Seated upon the platform with the prison officials and visitors, I watched my strange auditors as they came in. There were one thousand of them. Their faces were a curious study. Most of them were bad faces. Beast and devil were printed on them. Thick necks, heavy back-heads, and low, square foreheads, were the prevalent types. The least repulsive were those who looked as if they were all animal, creatures of instinct and appetite, good-natured and stupid; the most repulsive were those whose eyes had a gleam of mingled sensuality and ferocity. But some of these faces that met my gaze were startling - they seemed so out of place. One old man with gray hair, pale, sad face, and clear blue eyes, might have passed, in other garb and in other company, for an honored member of the Society of Friends. He had killed a man in a mountain county. If he was indeed a murderer at heart, nature had given him the wrong imprint. My attention was struck by a smooth-faced, handsome young fellow, scarcely of age, who looked as little like a convict as anybody on that platform. He was in for burglary, and had a very bad record. Some came in half laughing, as if they thought the whole affair more a joke than anything else. The Mexicans, of whom there was quite a number, were sullen and scowling. There is gloom in the Spanish blood. The irrepressible good nature of several ruddy-faced Irishmen broke out in sly merriment. As the service began, the discipline of the prison showed itself in the quiet that instantly prevailed; but only a few, who joined in the singing, seemed to feel the slightest interest in it. Their eyes were wandering, and their faces were vacant. They had the look of men who had come to be talked at and patronized, and who were used to it. The prayer that was offered was not calculated to banish such a feeling - it was dry and cold. I stood up to begin the sermon. Never before had I realized so folly that God's message was to lost men, and for lost men. A mighty tide of pity rushed in upon my soul as I looked down into the faces of my hearers. My eyes filled, and my heart melted within me. I could not speak until after a pause, and only then by great effort. There was a deep silence, and every face was lifted to mine as I announced the text. God had touched my heart and theirs at the start. I read the words slowly: God hath not appointed us to wrath, but to obtain salvation by our Lord Jesus Christ. Then I said:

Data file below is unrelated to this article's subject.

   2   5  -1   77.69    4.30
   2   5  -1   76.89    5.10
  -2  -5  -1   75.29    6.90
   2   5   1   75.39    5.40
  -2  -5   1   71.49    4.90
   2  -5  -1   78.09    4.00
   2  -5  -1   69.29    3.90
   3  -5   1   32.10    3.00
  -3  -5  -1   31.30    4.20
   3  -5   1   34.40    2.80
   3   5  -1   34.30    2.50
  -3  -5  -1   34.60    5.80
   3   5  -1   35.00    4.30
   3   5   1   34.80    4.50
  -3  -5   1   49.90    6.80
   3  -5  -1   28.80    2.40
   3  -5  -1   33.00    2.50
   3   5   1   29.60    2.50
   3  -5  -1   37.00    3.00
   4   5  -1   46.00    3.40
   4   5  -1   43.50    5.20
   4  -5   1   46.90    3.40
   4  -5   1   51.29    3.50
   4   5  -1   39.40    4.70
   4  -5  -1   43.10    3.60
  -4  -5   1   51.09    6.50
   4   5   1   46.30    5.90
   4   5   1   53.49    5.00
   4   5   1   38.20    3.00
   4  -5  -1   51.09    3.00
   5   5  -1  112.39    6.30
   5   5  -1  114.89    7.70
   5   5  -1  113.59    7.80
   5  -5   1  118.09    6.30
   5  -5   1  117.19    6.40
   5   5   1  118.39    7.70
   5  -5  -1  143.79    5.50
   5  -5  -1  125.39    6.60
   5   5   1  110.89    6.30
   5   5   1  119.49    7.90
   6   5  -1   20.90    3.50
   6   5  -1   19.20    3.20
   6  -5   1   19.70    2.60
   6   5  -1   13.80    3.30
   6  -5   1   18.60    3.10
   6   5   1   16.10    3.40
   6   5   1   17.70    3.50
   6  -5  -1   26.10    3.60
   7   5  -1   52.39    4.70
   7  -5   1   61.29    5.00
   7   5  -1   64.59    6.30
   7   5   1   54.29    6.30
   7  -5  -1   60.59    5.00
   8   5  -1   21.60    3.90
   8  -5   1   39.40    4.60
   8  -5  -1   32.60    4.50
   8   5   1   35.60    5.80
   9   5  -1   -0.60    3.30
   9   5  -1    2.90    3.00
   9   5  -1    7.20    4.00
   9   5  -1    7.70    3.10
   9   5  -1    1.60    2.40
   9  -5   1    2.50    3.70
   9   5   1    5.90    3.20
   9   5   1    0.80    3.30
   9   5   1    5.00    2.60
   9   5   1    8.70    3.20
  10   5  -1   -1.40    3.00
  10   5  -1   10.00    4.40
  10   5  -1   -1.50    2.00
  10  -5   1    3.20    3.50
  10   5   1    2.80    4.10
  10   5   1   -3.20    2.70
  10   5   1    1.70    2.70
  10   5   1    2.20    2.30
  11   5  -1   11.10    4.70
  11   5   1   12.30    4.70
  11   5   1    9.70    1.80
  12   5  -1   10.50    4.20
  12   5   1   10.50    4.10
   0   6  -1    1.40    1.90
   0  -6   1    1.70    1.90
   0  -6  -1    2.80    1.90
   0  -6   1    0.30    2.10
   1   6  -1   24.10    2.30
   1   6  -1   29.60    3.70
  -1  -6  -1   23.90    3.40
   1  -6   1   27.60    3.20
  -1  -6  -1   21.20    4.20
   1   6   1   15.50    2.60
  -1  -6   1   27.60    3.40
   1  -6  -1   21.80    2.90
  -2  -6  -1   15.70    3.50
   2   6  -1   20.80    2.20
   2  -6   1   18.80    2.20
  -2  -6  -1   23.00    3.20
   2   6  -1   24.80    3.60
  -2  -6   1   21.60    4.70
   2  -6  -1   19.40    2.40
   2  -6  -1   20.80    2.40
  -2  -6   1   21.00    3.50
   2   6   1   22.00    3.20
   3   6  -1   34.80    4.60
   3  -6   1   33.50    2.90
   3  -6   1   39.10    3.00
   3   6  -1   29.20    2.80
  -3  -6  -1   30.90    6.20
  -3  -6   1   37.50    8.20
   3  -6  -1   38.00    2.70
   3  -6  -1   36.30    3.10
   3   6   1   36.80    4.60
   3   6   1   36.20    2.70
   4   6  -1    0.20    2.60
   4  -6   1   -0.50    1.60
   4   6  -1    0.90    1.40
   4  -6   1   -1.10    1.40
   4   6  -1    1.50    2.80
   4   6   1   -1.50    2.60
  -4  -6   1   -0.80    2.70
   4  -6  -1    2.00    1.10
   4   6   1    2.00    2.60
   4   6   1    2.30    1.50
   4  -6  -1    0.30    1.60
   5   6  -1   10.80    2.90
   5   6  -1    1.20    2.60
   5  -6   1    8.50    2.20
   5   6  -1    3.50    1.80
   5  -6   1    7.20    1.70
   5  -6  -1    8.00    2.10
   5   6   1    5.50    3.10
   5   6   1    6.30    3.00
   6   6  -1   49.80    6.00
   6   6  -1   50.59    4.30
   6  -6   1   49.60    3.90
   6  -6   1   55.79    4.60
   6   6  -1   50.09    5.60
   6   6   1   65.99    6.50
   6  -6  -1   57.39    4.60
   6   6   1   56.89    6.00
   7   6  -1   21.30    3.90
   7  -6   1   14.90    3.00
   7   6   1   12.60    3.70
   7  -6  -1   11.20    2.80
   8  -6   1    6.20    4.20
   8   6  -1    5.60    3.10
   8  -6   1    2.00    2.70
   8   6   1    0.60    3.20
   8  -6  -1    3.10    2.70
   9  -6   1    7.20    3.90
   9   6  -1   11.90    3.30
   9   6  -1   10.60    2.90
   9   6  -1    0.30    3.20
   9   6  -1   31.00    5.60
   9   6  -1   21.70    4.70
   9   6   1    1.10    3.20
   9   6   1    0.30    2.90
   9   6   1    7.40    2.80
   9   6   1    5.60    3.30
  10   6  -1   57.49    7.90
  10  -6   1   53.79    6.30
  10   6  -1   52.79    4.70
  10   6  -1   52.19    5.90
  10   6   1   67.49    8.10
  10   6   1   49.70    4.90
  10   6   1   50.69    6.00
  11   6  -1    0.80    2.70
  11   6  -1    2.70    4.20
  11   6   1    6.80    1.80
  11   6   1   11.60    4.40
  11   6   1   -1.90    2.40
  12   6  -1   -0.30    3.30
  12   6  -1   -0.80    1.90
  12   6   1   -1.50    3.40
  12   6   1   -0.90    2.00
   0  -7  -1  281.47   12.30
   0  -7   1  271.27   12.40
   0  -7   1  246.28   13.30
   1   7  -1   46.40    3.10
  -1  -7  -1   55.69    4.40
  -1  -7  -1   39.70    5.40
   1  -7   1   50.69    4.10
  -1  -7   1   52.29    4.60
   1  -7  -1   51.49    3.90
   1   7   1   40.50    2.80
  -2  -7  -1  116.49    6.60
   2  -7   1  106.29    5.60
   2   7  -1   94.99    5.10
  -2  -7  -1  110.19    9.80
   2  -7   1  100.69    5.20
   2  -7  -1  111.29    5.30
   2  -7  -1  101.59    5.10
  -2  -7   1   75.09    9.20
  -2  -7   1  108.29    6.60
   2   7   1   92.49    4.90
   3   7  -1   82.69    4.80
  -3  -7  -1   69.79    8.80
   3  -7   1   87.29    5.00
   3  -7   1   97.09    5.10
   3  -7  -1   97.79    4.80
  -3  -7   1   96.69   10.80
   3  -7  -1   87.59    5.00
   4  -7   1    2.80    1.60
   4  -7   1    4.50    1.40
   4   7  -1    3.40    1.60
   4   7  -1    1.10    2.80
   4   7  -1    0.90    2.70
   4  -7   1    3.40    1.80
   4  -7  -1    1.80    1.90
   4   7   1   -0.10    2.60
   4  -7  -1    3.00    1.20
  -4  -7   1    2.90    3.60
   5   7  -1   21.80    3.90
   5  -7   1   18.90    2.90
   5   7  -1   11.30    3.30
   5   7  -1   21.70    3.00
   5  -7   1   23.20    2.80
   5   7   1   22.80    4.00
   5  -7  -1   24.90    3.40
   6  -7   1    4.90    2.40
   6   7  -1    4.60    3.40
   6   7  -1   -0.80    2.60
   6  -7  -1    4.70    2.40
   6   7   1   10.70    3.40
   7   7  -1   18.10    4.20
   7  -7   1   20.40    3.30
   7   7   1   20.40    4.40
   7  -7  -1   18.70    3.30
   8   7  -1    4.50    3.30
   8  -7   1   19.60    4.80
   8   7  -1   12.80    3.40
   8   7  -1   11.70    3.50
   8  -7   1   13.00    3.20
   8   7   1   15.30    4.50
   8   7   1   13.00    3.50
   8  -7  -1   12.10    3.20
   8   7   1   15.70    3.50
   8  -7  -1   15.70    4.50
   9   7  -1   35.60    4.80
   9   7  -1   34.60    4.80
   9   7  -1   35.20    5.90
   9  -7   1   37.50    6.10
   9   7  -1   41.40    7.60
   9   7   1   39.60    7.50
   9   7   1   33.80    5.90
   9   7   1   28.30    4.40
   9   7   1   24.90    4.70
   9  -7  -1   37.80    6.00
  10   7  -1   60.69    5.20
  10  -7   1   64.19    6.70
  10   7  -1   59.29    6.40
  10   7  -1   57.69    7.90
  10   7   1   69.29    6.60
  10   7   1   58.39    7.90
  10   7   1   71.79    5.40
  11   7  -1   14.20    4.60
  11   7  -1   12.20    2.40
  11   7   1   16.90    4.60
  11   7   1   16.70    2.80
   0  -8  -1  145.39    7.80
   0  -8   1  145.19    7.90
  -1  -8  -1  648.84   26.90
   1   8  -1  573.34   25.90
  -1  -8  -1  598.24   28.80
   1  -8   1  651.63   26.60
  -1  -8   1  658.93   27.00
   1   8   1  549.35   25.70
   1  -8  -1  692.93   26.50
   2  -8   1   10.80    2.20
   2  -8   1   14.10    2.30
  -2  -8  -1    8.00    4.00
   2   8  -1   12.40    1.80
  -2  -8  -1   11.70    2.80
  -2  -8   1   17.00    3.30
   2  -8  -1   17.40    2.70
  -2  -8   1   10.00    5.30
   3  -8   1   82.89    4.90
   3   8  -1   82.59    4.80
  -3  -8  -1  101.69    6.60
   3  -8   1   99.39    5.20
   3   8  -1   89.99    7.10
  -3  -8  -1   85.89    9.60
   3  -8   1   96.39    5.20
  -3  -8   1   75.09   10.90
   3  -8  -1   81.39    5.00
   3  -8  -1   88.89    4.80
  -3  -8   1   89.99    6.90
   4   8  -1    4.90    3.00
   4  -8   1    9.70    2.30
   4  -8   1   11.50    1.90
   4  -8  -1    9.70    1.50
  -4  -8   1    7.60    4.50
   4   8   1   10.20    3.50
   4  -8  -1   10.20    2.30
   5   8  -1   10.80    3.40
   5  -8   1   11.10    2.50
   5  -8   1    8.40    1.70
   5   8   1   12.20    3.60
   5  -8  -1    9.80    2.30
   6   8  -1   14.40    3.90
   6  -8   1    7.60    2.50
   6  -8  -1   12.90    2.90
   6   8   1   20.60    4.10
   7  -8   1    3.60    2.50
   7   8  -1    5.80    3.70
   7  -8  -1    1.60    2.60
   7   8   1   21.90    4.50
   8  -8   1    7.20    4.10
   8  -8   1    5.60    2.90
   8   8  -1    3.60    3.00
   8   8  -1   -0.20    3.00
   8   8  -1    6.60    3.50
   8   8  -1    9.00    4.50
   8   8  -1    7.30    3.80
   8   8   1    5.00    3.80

"My fellow-men, I come to you today with a message from my Father, and your Father in heaven. It is a message of hope. God help me to deliver it as I ought! God help you to hear it as you ought! I will not insult you by saying that because you have an extra dinner, a few hours respite from your toil, and a little fresh air and sunshine, you ought to have a joyful thanksgiving today. If I should talk thus, you would be ready to ask me how I would like to change places with you. You would despise me, and I would despise myself, for indulging in such cant. Your lot is a hard one. The battle of life has gone against you - whether by your own fault or by hard fortune, it matters not, so far as the fact is concerned; this thanksgiving-day finds you locked in here, with broken lives, and wearing the badge of crime. God alone knows the secrets of each throbbing heart before me, and how it is that you have come to this. Fellow-men, children of my Father in heaven, putting myself for the moment in your place, the bitterness of your lot is real and terrible to me. For some of you there is no happier prospect for this life than to toil within these walls by day, and sleep in yonder cells by night, through the weary, slow-dragging years, and then to die, with only the hands of hired attendants to wipe the death-sweat from your brows; and then to be put in a convict's coffin, and taken up on the hill yonder, and laid in a lonely grave. My God! this is terrible!"